dylan-user-focussed

Bob Dylan’s guide to web conventions

Often regarded as an emblem for un-conventionalitly and free thought, unfettered by dogma, authority or tradition, Dylan has shown himself to be so genuinely unfettered that he appears to take discomfort in whatever he has come to symbolise and so rebels against his rebel following.

  • He was the humanist who refused to condemn the Vietnam war.
  • The musical radicalist who released albums of toe-tapping country tunes, a Simon and Garfunkel cover and an album of Christmas carols.
  • The poet who wrote words such as “wiggle wiggle wiggle like a bowl of soup”.
  • The agnostic turned evangelist turned Zionist (allegedly).
  • The joker who brought a new seriousness to pop music.
  • Perhaps most famously and most importantly to those of us who love his music, he was the folkie who outraged his audience, plugged in and went electric.

If you pigeonholed him as a proponent of fluid-width designs you could be certain he’d be confounding his followers by advocating fixed-width design in no time.

Don’t follow leaders, watch the parkin’ meters

While it may often be sage advice to defy the herds and self-ordained professors, Dylan did not eschew all conventions willy-nilly, however.

We can see from the image above that Bob has a strong end-user focus, but we can also find plenty of evidence in his words to support those of us who advocate following key web conventions and enjoy the collective effervescence of web standards and best practice in web design.

Web conventions exist for all of our benefit. There are times when we should aim to innovate and times when it’s most sensible to simply do what is most commonly done because it works best for everyone and people instantly understand it. The Highways Agency tends not to try out too many innovative new traffic-light designs for a very good reason.

To mark his 70th birthday with a self-conscious tongue in a satirical cheek, I’d like to take a look at web convention through the eyes and lyrics of Bob Dylan and present “Bob Dylan’s guide to web conventions”.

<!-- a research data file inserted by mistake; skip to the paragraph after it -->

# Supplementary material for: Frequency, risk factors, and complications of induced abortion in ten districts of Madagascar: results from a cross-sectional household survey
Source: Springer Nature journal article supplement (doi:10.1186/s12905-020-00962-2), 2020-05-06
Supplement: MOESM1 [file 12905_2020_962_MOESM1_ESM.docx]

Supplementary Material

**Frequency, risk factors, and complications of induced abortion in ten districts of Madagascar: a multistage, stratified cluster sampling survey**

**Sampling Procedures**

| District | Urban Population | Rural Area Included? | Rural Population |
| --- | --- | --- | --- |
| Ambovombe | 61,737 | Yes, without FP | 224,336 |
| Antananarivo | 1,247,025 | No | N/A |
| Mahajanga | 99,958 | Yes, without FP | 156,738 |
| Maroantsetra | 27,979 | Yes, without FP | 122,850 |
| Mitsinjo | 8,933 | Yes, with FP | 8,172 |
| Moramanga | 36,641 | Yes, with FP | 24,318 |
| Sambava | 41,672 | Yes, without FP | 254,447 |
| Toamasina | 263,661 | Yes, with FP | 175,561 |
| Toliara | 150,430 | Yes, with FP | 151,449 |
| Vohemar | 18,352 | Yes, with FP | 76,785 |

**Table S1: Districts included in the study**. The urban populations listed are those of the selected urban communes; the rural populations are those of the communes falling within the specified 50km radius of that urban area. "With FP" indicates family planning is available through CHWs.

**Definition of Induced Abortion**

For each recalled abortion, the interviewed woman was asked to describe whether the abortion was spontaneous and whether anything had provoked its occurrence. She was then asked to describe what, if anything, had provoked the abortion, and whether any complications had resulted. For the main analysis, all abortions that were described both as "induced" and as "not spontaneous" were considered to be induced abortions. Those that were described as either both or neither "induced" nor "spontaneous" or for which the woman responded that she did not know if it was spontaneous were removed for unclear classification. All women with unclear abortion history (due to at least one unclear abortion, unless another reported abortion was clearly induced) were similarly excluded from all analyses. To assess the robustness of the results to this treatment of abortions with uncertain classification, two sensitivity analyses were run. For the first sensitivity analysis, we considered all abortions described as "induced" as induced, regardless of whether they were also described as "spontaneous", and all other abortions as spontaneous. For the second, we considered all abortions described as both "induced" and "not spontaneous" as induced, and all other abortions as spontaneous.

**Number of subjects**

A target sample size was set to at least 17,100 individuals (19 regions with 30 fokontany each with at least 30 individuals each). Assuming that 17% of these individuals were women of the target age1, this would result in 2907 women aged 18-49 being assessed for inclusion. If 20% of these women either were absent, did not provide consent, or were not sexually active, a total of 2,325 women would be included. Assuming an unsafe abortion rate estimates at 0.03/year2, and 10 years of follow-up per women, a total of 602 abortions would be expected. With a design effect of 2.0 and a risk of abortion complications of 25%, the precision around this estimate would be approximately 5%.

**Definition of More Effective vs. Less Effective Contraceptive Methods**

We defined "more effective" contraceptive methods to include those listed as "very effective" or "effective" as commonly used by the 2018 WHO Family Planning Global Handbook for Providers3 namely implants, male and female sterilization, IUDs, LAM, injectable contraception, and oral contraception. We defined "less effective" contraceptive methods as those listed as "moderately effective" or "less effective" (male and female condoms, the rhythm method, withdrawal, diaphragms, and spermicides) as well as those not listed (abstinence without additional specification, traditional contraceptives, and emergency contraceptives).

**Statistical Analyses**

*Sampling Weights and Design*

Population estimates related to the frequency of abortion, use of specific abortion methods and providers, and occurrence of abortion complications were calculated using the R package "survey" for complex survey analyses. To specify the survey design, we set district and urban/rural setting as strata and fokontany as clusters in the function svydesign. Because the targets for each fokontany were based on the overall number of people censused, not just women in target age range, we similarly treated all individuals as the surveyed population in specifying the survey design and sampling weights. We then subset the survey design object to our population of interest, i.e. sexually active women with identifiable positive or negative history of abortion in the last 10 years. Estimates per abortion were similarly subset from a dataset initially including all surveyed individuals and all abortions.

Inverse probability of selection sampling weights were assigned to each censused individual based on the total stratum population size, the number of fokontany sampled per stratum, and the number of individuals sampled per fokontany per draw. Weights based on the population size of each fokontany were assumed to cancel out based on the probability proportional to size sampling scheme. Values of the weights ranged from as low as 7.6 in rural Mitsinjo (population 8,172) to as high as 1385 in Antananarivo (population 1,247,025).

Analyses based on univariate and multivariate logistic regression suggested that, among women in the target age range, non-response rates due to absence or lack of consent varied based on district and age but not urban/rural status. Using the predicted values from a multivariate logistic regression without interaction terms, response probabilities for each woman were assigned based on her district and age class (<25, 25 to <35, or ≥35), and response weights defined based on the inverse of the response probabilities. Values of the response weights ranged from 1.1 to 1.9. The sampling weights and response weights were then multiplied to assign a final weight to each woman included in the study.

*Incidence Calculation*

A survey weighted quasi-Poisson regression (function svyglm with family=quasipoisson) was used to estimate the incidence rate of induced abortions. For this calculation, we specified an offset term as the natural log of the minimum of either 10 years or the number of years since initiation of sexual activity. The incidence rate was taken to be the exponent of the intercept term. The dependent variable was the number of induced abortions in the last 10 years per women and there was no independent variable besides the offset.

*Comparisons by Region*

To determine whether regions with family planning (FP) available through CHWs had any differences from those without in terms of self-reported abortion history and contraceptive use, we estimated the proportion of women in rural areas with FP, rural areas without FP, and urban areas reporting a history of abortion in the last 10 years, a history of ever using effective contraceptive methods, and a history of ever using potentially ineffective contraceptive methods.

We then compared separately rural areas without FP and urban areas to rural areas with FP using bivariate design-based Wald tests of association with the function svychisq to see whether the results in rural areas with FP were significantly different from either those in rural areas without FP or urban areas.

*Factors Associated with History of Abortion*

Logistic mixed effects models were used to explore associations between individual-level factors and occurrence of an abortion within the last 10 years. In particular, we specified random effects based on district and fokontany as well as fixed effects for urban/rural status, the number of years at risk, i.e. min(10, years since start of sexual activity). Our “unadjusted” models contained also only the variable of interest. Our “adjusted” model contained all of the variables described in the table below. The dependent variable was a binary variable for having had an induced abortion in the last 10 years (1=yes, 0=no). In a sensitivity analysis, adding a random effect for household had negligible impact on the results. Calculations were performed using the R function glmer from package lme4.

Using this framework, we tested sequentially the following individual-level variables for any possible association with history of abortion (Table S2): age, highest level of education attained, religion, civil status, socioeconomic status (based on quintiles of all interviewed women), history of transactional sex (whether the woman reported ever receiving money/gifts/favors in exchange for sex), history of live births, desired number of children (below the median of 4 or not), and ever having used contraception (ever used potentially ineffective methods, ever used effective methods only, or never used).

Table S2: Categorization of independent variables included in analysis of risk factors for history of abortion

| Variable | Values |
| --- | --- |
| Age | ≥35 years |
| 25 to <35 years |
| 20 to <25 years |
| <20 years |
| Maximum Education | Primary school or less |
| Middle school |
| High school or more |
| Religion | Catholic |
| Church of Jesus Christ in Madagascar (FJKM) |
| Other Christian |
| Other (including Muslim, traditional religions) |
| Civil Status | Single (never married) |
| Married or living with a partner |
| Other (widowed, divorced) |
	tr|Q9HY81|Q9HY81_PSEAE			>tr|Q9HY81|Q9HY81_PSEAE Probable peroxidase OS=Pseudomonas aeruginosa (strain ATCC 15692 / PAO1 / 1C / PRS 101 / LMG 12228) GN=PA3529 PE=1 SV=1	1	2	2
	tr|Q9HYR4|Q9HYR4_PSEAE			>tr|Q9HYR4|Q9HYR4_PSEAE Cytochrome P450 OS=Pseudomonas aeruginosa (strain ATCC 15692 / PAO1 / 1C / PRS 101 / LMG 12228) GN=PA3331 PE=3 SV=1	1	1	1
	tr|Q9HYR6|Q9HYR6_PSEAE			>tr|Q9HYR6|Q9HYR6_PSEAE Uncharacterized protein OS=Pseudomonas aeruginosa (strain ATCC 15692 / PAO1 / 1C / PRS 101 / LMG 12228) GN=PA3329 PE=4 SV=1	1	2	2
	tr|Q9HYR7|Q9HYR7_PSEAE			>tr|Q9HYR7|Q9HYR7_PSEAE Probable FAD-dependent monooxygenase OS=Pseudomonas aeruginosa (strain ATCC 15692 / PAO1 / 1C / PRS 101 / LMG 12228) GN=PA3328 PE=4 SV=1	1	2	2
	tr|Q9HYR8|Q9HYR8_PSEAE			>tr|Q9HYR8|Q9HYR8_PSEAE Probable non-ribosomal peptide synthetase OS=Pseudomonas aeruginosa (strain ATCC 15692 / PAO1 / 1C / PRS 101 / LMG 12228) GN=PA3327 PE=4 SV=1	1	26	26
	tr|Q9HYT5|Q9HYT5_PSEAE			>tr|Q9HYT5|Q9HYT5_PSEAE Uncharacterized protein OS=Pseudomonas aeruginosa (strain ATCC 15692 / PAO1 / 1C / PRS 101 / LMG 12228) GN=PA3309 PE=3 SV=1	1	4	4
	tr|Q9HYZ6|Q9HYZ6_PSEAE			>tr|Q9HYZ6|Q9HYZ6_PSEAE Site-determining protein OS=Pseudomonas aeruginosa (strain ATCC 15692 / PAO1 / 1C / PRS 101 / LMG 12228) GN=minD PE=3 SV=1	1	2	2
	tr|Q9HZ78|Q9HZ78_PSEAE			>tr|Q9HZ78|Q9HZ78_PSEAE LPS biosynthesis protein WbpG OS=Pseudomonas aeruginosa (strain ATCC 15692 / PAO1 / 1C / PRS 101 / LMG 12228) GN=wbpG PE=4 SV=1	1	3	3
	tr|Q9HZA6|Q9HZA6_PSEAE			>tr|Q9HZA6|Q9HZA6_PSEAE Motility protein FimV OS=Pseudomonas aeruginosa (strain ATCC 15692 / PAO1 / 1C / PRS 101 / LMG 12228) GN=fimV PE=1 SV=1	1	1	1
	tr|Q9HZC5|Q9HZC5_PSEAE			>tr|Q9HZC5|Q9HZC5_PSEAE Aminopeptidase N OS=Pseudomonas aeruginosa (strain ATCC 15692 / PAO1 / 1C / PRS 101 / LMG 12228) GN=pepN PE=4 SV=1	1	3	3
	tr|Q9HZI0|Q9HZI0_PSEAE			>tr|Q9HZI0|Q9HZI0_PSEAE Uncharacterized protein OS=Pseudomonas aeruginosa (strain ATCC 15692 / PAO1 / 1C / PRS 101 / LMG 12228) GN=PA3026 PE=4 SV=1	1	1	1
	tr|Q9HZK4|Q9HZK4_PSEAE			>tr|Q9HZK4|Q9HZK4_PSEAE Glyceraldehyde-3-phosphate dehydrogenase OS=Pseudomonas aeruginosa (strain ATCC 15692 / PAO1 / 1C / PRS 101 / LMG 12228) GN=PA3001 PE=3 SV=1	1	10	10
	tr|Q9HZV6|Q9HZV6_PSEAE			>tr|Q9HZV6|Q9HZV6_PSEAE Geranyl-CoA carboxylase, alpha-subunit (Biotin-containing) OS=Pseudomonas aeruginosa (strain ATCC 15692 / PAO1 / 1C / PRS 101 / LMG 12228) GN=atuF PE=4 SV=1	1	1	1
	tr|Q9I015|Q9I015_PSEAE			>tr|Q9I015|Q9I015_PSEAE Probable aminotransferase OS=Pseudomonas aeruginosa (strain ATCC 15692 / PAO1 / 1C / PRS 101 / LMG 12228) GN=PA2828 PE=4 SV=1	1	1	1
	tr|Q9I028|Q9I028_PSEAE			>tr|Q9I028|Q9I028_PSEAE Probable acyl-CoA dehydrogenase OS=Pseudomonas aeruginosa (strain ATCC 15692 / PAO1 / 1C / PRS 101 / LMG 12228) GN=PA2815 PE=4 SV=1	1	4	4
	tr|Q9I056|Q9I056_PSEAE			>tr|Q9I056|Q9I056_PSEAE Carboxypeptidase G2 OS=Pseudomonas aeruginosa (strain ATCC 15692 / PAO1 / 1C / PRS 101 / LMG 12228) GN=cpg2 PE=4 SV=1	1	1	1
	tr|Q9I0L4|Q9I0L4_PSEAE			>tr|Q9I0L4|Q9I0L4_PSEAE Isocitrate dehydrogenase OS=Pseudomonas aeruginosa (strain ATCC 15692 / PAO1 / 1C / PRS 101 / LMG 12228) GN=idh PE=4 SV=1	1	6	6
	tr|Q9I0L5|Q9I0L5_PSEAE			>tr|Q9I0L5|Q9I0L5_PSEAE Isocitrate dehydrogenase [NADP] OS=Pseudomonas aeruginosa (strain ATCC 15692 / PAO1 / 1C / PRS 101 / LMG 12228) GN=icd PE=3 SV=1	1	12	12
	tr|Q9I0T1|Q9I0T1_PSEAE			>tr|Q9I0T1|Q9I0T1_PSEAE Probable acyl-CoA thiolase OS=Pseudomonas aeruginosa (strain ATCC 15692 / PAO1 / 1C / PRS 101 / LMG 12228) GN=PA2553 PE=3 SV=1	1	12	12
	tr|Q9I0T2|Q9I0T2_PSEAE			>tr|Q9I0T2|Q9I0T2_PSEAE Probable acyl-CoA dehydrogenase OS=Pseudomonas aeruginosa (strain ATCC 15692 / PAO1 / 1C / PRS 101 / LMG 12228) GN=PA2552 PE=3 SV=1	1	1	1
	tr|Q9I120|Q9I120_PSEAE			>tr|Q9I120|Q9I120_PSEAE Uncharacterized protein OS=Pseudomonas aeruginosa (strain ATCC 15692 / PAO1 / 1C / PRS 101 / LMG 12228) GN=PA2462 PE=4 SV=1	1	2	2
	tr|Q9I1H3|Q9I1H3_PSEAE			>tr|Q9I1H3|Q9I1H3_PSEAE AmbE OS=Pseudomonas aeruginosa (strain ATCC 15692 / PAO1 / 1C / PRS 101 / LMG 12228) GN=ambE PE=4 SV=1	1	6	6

Oh yes.

I am my words

Your words and your content are the most important part of your site. In an infamous 1965 interview with Time magazine, Bob Dylan said:

“I have nothing to say about the things I write. I just write ’em. I don’t have to say anything about them, I don’t write them for any reason, there’s no great message.”

This is perhaps not the best approach to take with your website content. Make sure it says something.

Change and consistency

Sometimes I’m in the mood, I wanna change my house around
Sometimes I’m in the mood, I’m gonna make a change in this here town
Sometimes I’m in the mood, I’m gonna change the world around
But then again, but then again, I said oh, I said oh, I said
Oh babe, I’m in the mood for you
-Baby, I’m In The Mood For You

Sometimes you may be in the mood to change your website but are your site visitors?

My head tells me it’s time to make a change
But my heart is telling me I love ya but you’re strange
-Abandoned Love

Your site visitors may have come to accept your site’s flaws and sometimes correcting them may cause more problems than they solve. Sometimes it may be better to live with a few quirks and oddities than to confuse your regulars.

Don’t wanna confuse nobody, don’t wanna be confused
-Do Right To Me Baby

Right now I can’t read too good

I’m on the rollin’ river in a jerkin’ boat
Tryin’ to read a note somebody wrote
-Dignity

Your visitors may not be in a jerkin’ boat but they probably have a similar level of patience when reading your site’s content. Unless you are offering absorbing content which people are going to want to follow through in its entirety, they are probably just scanning for simple bites of information, key details and little more.

Lay out your content to make it as easy to scan through and pick out the key points as possible.

Tell me – I’ve got to know
Tell me – tell me before I go
-Tell Me

Twenty pounds of headlines

Keep your headings as clearly focused on the content under them as possible and break your articles up with liberal use of sub-headings.

Tell me what it’s all about
-Black Crow Blues

Don’t forget your page titles either – although they aren’t actually visible on the page they are one of the most important elements since it’s the bit of text which people will click on in search engines to get to your page.

Without good, meaningful, simple page titles it becomes a lot harder to search the web for your content

You will search, babe
At any cost
But how long, babe
Can you search for what’s not lost?
-I’ll Keep It With Mine

You look like the silent type

Don’t SHOUT with too many capitals, it’s off putting and harder to read. Speak softly and people will listen.

My love she speaks like silence
Without ideals or violence
She doesn’t have to say she’s faithful
Yet she’s true, like ice, like fire
-Love Minus Zero/No Limit

Since capitals are harder to read, a capitalised message may go unnoticed.